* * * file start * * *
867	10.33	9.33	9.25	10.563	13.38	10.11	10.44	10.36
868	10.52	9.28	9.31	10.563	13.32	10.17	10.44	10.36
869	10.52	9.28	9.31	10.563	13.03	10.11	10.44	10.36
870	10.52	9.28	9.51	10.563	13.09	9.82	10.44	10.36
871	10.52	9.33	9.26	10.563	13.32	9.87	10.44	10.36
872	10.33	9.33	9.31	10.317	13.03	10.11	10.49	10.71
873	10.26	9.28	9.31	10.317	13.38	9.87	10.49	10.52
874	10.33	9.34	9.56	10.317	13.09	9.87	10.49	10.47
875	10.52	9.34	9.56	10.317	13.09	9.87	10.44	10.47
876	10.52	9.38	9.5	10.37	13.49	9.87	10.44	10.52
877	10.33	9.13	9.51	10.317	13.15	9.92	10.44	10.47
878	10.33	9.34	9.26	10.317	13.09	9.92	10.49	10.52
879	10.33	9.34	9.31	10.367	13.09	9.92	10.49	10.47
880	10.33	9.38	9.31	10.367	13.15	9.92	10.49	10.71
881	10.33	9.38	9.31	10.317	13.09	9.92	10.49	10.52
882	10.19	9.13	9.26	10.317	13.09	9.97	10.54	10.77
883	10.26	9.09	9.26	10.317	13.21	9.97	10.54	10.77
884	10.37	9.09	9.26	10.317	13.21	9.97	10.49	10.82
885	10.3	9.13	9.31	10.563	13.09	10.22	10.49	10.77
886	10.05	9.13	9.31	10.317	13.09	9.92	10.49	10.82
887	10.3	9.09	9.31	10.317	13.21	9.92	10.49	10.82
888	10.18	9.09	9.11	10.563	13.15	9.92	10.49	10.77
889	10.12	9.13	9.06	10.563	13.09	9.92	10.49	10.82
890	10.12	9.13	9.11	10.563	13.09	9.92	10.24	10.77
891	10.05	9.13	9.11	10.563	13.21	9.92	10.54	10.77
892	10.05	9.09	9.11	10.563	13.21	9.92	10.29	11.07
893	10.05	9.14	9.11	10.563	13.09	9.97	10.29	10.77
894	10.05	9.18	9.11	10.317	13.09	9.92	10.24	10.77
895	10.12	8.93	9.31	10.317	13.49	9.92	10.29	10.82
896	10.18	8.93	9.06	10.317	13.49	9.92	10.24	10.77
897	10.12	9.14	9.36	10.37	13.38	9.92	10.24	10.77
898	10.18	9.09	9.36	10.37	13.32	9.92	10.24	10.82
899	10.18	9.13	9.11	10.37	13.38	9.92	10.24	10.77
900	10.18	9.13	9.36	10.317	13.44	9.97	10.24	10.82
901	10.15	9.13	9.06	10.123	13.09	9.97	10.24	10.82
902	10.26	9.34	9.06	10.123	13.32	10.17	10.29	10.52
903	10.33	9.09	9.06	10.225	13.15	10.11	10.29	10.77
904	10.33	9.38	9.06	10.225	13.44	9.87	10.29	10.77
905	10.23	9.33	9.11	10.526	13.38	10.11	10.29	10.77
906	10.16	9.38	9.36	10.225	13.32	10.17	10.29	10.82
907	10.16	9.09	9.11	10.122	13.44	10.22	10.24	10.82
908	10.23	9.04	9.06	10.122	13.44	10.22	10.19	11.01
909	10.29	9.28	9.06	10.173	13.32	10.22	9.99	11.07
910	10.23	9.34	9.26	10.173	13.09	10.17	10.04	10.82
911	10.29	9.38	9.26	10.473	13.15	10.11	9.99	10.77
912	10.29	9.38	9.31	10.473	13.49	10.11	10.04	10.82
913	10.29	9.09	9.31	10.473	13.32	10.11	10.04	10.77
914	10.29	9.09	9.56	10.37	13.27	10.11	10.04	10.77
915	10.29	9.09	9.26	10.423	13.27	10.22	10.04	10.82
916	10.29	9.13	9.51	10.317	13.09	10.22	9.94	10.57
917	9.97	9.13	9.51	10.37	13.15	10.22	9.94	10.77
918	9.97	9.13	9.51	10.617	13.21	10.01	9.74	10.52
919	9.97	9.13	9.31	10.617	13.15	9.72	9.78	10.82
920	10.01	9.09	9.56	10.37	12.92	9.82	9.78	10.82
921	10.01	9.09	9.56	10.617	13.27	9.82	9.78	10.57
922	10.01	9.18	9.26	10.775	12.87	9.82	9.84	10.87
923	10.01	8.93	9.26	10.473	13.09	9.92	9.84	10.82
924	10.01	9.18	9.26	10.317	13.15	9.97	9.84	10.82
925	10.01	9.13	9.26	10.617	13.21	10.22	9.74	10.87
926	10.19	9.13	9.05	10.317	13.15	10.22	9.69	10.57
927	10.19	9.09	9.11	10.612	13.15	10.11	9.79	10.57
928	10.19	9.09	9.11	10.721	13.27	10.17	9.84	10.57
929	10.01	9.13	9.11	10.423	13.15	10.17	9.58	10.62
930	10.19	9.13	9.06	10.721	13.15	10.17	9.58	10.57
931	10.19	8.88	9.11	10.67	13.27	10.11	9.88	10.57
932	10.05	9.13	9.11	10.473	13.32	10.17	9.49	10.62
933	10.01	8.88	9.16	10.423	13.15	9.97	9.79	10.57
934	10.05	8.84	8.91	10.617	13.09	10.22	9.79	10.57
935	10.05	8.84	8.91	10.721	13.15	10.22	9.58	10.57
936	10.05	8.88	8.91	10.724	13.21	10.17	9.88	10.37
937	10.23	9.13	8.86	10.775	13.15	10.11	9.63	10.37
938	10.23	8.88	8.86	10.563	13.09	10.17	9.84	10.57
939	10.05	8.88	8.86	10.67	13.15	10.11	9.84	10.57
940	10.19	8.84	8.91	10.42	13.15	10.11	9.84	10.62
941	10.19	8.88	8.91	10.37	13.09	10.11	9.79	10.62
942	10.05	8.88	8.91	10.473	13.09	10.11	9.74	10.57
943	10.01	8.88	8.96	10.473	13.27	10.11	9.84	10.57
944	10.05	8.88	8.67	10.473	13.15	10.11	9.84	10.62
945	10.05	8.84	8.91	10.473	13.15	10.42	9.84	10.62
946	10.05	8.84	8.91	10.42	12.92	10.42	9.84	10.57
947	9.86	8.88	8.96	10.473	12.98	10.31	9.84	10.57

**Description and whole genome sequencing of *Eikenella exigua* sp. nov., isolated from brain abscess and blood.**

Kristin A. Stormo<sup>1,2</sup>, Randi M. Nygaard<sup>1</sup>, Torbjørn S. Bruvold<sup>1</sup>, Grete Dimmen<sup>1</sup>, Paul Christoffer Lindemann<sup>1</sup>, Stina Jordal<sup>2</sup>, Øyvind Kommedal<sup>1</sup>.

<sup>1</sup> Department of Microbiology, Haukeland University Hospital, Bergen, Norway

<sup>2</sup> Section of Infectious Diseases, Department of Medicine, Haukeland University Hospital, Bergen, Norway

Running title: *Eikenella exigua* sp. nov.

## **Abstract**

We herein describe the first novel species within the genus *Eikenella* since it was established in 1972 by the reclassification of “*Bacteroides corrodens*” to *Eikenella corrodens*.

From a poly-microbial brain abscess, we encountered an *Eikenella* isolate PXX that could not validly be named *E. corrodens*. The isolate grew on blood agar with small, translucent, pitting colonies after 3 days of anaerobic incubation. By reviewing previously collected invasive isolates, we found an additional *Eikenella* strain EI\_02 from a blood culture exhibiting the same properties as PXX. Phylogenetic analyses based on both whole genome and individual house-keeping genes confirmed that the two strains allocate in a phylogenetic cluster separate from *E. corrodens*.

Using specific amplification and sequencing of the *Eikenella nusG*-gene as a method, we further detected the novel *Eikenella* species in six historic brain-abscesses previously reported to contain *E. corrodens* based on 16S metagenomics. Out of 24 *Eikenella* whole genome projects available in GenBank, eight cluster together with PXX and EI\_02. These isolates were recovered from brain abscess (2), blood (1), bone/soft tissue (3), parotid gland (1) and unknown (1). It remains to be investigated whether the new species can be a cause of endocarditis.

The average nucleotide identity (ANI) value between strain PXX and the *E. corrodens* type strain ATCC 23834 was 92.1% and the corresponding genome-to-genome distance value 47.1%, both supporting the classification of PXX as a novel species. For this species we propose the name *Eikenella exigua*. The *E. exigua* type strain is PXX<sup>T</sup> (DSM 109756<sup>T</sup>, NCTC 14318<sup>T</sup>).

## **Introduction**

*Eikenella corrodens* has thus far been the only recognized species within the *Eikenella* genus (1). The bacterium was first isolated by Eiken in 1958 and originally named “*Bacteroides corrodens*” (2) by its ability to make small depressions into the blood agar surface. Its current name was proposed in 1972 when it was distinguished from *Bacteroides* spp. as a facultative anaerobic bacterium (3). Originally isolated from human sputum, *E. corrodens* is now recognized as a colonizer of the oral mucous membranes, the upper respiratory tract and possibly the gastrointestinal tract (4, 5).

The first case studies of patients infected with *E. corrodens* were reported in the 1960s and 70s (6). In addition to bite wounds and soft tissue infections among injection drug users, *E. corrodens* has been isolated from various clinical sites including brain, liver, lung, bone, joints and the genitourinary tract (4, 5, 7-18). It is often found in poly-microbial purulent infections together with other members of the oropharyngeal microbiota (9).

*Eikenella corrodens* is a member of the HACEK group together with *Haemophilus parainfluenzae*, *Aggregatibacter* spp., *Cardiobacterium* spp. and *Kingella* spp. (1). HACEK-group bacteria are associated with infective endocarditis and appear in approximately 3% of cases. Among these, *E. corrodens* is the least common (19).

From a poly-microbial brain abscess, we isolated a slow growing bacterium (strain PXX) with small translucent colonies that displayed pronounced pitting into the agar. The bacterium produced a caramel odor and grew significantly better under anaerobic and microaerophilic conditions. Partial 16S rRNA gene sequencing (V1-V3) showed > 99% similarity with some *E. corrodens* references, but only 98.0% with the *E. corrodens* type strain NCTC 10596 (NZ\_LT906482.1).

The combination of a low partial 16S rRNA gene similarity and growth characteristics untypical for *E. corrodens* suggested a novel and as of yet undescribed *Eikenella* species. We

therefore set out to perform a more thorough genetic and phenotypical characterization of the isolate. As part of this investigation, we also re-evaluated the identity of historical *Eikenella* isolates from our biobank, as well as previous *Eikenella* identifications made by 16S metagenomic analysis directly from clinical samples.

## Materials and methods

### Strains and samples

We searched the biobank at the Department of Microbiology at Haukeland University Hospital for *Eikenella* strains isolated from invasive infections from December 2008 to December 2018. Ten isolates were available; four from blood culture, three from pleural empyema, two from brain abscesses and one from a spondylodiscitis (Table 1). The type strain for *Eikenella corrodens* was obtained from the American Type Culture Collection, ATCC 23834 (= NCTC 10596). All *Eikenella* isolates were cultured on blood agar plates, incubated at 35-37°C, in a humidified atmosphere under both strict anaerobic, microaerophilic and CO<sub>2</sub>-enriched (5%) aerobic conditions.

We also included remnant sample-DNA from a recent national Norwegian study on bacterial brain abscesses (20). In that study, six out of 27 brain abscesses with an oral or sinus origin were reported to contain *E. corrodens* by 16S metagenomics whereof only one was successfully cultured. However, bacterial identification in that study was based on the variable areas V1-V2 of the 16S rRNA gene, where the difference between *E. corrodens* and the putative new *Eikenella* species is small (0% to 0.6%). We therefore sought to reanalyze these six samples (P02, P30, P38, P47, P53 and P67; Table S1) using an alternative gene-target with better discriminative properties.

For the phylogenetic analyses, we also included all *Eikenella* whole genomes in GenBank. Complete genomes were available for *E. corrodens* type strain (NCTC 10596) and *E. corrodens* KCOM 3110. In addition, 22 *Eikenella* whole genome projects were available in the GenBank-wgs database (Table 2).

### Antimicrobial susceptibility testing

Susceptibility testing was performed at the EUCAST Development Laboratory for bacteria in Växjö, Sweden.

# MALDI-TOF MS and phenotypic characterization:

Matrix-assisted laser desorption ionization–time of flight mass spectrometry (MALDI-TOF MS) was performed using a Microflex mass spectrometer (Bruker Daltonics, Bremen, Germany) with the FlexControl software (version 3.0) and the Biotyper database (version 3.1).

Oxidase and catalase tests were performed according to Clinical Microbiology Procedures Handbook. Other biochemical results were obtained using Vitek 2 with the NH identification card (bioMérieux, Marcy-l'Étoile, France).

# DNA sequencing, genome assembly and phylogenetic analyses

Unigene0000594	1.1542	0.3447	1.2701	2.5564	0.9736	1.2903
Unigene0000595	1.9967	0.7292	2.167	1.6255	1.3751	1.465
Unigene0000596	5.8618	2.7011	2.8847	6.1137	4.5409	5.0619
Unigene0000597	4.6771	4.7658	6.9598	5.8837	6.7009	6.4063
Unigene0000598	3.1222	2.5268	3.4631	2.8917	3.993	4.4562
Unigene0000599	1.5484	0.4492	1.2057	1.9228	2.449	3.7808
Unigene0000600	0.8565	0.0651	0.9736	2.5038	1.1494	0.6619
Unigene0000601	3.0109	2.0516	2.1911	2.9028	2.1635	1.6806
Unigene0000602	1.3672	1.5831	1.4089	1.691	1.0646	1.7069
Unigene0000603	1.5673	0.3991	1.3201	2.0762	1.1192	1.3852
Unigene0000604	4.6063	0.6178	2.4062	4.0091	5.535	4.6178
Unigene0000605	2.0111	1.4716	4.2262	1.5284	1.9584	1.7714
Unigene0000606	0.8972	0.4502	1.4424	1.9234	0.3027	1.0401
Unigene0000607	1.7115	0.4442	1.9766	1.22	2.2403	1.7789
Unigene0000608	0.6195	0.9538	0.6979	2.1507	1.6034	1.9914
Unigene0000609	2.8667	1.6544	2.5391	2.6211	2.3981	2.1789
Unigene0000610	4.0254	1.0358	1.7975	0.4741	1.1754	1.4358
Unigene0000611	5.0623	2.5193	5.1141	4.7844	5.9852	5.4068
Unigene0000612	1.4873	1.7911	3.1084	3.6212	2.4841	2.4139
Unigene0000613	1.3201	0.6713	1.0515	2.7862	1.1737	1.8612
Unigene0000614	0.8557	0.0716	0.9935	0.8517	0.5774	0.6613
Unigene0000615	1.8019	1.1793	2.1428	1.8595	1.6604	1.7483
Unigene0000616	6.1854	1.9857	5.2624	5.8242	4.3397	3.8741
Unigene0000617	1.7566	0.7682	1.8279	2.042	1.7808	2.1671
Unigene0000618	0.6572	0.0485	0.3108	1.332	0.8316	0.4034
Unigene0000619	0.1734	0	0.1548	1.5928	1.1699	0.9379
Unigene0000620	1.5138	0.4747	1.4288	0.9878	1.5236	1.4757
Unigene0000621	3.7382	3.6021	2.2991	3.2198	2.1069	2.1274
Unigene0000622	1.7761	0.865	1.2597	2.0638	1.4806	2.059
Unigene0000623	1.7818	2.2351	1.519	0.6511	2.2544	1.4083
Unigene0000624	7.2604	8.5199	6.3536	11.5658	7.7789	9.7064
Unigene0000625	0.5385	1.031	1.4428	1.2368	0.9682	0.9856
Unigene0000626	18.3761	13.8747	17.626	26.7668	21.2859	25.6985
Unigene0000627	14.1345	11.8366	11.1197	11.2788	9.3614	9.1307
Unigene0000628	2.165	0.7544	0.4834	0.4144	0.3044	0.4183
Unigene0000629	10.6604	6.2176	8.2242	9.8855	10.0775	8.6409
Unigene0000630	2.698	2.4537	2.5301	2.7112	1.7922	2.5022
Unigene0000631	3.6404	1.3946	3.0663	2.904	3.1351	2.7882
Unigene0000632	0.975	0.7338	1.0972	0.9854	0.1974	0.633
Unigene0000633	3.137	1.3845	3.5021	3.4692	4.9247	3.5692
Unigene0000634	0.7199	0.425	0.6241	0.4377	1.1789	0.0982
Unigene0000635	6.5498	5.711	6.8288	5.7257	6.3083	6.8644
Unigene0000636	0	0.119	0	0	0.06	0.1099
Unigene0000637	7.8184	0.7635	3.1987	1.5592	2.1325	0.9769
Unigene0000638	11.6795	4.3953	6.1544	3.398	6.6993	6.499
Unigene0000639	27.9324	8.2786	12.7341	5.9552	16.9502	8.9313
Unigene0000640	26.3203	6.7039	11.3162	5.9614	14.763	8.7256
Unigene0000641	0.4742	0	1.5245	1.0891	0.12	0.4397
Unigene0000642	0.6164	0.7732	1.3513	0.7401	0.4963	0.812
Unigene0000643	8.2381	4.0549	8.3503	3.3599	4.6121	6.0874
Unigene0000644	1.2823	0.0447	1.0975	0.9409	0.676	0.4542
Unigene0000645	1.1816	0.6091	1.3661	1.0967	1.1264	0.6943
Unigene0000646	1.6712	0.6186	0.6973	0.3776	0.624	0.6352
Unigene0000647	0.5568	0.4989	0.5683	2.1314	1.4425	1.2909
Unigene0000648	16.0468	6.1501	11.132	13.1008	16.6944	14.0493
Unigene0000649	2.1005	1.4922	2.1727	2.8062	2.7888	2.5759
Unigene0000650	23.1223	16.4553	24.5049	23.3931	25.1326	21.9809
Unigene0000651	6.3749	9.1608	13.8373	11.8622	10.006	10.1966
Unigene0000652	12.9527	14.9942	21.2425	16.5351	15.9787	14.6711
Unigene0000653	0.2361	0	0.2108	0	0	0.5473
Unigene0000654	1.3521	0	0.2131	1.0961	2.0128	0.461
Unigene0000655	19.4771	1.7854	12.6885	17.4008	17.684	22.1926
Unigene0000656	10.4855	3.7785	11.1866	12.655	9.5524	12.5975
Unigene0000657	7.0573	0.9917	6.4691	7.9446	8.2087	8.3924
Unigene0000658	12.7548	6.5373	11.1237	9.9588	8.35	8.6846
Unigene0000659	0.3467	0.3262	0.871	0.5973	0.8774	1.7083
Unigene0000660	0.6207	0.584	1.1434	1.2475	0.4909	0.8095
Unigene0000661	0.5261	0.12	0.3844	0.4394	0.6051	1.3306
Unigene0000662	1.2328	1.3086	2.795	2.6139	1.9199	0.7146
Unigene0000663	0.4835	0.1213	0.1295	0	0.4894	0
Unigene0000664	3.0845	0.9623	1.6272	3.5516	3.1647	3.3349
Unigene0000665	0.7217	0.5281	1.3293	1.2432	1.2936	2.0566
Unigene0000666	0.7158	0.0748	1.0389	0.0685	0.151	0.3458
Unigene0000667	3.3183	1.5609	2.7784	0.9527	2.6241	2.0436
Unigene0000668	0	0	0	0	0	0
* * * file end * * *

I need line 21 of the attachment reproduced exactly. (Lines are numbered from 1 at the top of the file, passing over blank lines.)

887	10.3	9.09	9.31	10.317	13.21	9.92	10.49	10.82